September 30 2014 Latest news:
Emma Youle, News editor
Monday, March 17, 2014
The boss of HS2 has recommended reconsidering a controversial section of the route that would decimate parts of Camden Town as he challenged politicians to pave the way for faster building of the new high speed-line to reduce costs.
HS2 chairman Sir David Higgins, proposed a larger development at Euston - the projects southern terminus - but added that plans to link HS2 with HS1, the London to Kent Channel Tunnel high-speed rail link at St Pancras International, should be reconsidered.
Launching a report entitled HS2 Plus, Sir David, the former London Olympics guru, also called for a new look at ways of improving connections between phase two and the existing railway.
He also proposed an accelerated timetable for the northern section of a project, known as phase two, which is fiercely championed by some yet bitterly opposed by others.
Phase one of HS2 would see a line running from London through Tory heartlands to Birmingham and is due for completion in 2026.
Phase two will see the line continue in a Y-shape from Birmingham to north west and north east England and, under current plans, would be completed around 2032/33.
The current whole-line cost, including contingencies, is £42.6 billion, with £7.5 billion for the trains.
Shadow chancellor Ed Balls is concerned about the cost with other former Labour grandees expressing reservations about the scheme.
Shadow transport secretary Mary Creagh, however, welcomed today’s report saying: “As always we will continue to hold the government to account for keeping costs down on the project.”
Outlining his report in Manchester today, Sir David said reducing the contingencies, which have pushed the total cost of the project up, would be “irresponsible”.
But he said cost cuts might be possible later and he laid down the gauntlet to politicians by saying the speedier the HS2 legislation the better for cost reductions.
Sir David, formerly chief executive of Network Rail, said HS2 was “vital for the future of the country”.
He added: “The cost and impact have to be recognised and acknowledged, but so too do the cost and impact of doing nothing.
“Without HS2, the people of this country will continue to face the failures of our transport system on a daily basis.”
Sir David said the government should “accelerate phase two as soon as possible”.
This would take the line 43 miles further north than planned, to a new transport hub at Crewe in Cheshire which could be completed by 2027, six years earlier than planned.
Sir David said the Crewe option was good for the area and the north of England generally, while a “more comprehensive redvelopment” of Euston could see the station become “an iconic driver of local regeneration whose beneficial effects will be felt for generations”.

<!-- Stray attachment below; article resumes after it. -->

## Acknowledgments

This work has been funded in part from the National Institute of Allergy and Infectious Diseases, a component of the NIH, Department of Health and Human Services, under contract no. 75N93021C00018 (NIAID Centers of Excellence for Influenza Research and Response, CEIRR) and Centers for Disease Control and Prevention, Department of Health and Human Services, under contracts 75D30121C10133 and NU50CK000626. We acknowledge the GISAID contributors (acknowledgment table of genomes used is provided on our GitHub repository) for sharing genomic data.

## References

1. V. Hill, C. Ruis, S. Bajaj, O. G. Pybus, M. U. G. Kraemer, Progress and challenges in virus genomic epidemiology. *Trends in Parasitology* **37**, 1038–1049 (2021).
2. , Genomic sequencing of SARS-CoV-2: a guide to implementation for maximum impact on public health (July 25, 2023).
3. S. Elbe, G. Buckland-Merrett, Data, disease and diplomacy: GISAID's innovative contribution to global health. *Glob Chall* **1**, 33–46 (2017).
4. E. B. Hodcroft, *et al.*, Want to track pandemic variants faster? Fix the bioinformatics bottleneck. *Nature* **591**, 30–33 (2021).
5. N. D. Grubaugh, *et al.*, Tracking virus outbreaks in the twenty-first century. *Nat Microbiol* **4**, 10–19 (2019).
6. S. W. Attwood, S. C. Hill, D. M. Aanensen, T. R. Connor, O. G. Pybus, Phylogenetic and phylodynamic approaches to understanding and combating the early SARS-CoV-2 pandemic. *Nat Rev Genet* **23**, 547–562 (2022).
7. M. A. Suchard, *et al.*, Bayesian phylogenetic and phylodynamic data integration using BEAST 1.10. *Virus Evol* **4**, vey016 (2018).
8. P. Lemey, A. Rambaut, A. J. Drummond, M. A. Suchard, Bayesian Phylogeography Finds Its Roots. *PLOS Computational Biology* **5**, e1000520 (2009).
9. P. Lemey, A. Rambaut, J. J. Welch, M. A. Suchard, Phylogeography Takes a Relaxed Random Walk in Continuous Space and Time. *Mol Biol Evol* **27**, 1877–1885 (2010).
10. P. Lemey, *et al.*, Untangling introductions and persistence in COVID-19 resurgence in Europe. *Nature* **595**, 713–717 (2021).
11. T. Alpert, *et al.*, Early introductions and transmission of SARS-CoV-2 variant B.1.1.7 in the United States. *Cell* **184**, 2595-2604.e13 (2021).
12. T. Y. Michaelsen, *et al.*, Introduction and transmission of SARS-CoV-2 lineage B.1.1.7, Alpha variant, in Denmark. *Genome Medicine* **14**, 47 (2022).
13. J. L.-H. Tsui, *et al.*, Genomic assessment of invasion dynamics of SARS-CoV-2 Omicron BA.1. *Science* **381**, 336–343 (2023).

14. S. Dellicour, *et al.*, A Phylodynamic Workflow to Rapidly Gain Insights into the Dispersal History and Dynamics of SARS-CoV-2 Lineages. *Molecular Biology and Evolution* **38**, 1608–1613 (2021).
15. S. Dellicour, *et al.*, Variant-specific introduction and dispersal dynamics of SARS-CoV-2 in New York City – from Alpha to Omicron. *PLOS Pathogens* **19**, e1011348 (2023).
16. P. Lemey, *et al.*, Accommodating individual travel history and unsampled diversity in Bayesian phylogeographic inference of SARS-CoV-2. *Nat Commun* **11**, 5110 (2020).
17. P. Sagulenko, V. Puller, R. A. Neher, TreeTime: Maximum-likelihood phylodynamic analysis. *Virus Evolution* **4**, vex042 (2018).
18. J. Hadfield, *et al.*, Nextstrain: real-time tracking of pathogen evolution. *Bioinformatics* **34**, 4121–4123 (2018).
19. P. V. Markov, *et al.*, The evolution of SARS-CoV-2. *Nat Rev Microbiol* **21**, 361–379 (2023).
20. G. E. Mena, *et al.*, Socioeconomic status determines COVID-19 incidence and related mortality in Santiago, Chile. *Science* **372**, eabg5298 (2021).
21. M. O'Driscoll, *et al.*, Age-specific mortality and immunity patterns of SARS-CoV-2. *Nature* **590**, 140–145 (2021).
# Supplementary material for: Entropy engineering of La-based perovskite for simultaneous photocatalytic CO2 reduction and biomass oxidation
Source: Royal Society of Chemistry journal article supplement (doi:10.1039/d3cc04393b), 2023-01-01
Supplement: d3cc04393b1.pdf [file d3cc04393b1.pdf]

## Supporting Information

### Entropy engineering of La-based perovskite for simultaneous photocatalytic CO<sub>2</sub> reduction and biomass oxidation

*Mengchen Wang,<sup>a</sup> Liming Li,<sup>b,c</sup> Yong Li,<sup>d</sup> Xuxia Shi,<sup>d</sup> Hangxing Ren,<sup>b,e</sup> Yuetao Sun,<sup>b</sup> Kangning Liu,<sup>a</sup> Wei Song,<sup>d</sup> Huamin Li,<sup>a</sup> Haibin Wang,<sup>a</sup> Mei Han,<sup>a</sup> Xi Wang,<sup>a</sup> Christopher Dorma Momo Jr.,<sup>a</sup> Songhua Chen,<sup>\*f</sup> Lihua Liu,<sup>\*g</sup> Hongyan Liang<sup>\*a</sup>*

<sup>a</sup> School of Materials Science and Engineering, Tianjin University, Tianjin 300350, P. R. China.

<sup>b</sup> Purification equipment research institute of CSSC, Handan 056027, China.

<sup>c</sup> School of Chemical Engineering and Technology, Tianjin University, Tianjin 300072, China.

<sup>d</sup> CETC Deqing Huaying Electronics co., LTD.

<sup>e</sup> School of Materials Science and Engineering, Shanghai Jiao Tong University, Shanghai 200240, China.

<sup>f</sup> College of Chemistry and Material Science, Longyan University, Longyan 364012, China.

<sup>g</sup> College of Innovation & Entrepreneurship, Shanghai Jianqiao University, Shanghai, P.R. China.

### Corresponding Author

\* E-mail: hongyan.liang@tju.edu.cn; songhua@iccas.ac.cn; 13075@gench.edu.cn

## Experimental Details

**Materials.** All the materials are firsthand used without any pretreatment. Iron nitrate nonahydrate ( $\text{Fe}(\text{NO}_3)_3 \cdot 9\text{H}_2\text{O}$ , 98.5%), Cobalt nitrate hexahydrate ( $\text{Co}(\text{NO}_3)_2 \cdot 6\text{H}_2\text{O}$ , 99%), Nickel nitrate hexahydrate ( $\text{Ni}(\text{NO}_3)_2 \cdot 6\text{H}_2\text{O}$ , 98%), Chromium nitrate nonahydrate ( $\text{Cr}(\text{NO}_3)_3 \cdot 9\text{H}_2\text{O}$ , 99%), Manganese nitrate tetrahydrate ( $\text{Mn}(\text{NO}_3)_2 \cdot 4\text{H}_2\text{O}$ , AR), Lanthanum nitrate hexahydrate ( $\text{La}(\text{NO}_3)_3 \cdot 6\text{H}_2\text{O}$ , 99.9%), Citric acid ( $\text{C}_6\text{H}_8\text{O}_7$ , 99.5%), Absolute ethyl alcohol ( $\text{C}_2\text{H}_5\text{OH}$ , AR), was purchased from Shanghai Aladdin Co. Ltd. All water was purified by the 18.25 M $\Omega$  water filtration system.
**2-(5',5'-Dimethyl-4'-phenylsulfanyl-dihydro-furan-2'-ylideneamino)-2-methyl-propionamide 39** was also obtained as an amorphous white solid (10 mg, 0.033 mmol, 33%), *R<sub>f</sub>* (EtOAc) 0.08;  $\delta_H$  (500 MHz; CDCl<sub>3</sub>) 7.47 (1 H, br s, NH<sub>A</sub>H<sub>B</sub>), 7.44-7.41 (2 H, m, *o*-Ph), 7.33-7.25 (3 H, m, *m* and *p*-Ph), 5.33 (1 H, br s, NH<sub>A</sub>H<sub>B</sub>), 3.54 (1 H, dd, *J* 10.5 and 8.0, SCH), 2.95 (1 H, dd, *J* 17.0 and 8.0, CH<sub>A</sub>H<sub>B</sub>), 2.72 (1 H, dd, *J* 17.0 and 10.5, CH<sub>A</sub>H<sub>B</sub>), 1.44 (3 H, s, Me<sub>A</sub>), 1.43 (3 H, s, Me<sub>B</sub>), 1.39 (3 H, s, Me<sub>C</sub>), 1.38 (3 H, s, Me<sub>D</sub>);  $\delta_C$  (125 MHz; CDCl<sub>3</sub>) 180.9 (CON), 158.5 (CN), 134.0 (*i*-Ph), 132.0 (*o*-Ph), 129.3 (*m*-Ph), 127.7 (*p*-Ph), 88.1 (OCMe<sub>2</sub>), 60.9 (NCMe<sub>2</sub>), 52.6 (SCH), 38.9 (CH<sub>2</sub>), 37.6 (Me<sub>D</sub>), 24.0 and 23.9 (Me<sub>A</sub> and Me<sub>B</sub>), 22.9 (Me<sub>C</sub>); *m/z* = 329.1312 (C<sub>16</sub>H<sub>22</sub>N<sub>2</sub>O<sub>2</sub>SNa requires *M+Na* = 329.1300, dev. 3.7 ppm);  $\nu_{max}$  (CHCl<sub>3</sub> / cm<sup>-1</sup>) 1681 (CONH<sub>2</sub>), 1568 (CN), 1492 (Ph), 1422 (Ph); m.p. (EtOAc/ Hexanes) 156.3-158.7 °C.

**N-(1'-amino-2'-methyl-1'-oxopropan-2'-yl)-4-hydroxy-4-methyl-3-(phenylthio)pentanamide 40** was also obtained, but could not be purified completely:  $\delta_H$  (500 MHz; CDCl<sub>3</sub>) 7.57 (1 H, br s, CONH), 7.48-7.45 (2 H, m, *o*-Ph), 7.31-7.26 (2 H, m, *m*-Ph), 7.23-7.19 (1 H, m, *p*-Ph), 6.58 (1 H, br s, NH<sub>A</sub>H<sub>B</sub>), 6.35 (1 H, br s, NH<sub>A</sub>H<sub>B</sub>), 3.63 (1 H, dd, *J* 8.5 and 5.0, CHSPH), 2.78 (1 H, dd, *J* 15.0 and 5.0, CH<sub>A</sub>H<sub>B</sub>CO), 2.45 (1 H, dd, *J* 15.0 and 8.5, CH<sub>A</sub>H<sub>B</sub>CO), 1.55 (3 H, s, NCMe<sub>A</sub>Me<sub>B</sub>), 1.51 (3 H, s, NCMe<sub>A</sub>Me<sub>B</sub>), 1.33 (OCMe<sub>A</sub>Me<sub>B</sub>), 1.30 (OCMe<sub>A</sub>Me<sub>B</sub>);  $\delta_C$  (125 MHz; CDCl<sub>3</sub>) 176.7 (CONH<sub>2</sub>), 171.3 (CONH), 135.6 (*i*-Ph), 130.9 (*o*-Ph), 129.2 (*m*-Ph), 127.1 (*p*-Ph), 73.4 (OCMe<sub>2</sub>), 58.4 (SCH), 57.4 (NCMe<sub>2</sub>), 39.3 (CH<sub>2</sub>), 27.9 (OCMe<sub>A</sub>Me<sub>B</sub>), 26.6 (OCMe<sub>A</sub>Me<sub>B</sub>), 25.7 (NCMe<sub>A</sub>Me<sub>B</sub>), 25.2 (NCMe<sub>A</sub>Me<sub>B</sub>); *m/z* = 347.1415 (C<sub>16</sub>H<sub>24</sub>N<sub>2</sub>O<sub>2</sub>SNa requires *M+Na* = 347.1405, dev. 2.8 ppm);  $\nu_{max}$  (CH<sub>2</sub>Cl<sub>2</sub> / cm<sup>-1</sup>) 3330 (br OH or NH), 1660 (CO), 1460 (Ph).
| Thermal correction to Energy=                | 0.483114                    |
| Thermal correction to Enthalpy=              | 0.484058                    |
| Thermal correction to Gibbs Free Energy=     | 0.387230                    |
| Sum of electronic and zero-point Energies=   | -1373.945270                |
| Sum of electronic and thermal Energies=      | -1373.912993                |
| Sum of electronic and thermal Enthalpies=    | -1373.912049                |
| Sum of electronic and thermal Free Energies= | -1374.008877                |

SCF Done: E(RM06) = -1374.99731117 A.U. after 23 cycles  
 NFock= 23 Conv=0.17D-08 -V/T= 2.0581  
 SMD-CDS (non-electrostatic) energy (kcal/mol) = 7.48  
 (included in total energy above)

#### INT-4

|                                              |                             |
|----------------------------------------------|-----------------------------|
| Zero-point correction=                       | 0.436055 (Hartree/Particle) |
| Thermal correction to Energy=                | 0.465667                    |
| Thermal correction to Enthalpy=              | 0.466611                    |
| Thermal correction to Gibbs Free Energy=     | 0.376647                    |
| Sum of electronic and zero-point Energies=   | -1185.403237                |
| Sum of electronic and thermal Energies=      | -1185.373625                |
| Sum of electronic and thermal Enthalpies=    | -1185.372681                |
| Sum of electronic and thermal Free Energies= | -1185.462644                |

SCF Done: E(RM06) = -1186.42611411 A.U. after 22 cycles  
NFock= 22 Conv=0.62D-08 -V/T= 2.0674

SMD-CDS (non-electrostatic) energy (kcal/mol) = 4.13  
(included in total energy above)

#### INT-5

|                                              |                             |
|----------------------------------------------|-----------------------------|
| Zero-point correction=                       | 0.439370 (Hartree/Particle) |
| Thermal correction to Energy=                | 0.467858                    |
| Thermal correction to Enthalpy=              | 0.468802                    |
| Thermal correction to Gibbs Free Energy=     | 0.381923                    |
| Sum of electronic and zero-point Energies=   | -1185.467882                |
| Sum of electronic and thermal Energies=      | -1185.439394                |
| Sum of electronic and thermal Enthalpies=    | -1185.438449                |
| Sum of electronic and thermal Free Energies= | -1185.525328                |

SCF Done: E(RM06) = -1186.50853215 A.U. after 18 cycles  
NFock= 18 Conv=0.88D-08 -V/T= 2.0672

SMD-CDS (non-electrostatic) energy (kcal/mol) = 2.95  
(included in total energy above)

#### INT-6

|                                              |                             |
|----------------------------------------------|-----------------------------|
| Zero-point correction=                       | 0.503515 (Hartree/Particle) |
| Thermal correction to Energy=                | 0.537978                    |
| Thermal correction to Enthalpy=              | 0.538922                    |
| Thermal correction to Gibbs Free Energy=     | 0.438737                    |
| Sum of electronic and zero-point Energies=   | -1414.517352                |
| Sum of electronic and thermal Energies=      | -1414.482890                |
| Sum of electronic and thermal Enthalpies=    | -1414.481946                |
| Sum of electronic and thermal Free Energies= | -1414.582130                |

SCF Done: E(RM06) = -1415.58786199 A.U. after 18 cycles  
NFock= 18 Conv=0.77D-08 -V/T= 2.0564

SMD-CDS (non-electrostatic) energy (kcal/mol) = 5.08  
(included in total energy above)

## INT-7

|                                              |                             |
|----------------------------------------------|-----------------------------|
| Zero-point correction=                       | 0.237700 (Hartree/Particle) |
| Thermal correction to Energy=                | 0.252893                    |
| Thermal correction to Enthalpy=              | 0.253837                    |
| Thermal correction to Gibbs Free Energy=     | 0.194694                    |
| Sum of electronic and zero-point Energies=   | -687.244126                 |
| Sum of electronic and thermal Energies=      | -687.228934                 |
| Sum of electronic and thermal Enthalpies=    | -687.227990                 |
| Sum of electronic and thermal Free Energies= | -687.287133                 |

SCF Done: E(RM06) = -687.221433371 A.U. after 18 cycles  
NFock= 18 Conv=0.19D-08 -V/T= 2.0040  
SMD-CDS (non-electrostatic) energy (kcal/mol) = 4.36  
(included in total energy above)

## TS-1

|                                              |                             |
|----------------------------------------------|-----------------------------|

Sir David said that despite the potential benefits of HS2, he was “conscious of the price - financial, physical and emotional - that HS2 will demand from the country, from communities and from individuals”.
He went on: “That is why I have rejected any thought that the project should cut back on planned mitigation measures, whether noise or environmental. Those will continue.
“It is also why I support the government’s proposed approach to property compensation. We need to be clear about the impact of the project, as well as its benefits, and address the consequences of that impact, as we are.”
Legislation covering phase one is currently going through parliament and transport secretary Patrick McLoughlin has said that the legislation will not be completed before the general election.
Sir David said: “The uncertainty over the legislative timetable plus the inherent risks associated with any project at this early stage is why I have resisted the temptation to reduce the large contingency contained in the budget.
“The same approach should be taken to the second phase when the work outlined above is complete.”
But he added: “None of that is to rule out the possibility that a target for a lower budget for phase one could be set at some point in the future, but only when the legislative timetable becomes clearer and more certain.
“There is a direct connection between the length of time the parliamentary process takes, and the amount of contingency that is required.”
Sir David acknowledged: “HS2 is an enormous undertaking, but it is not an end in itself. If we do it right, it can be a catalyst for fundamental change at both a local and national level, up and down the country.
“It is ambitious because it needs to be, to meet the demands not just of the here and now, but of the future.”
Business Secretary Vince Cable expressed support for Sir David’s phase two plans while the Institution of Civil Engineers and the CBI were among other groups that received the report warmly.
However, anti-HS2 groups cast doubt on the possibility of bringing forward the phase 2 work while the revamped Euston plan was seen as merely bringing “more wealth and work into London”.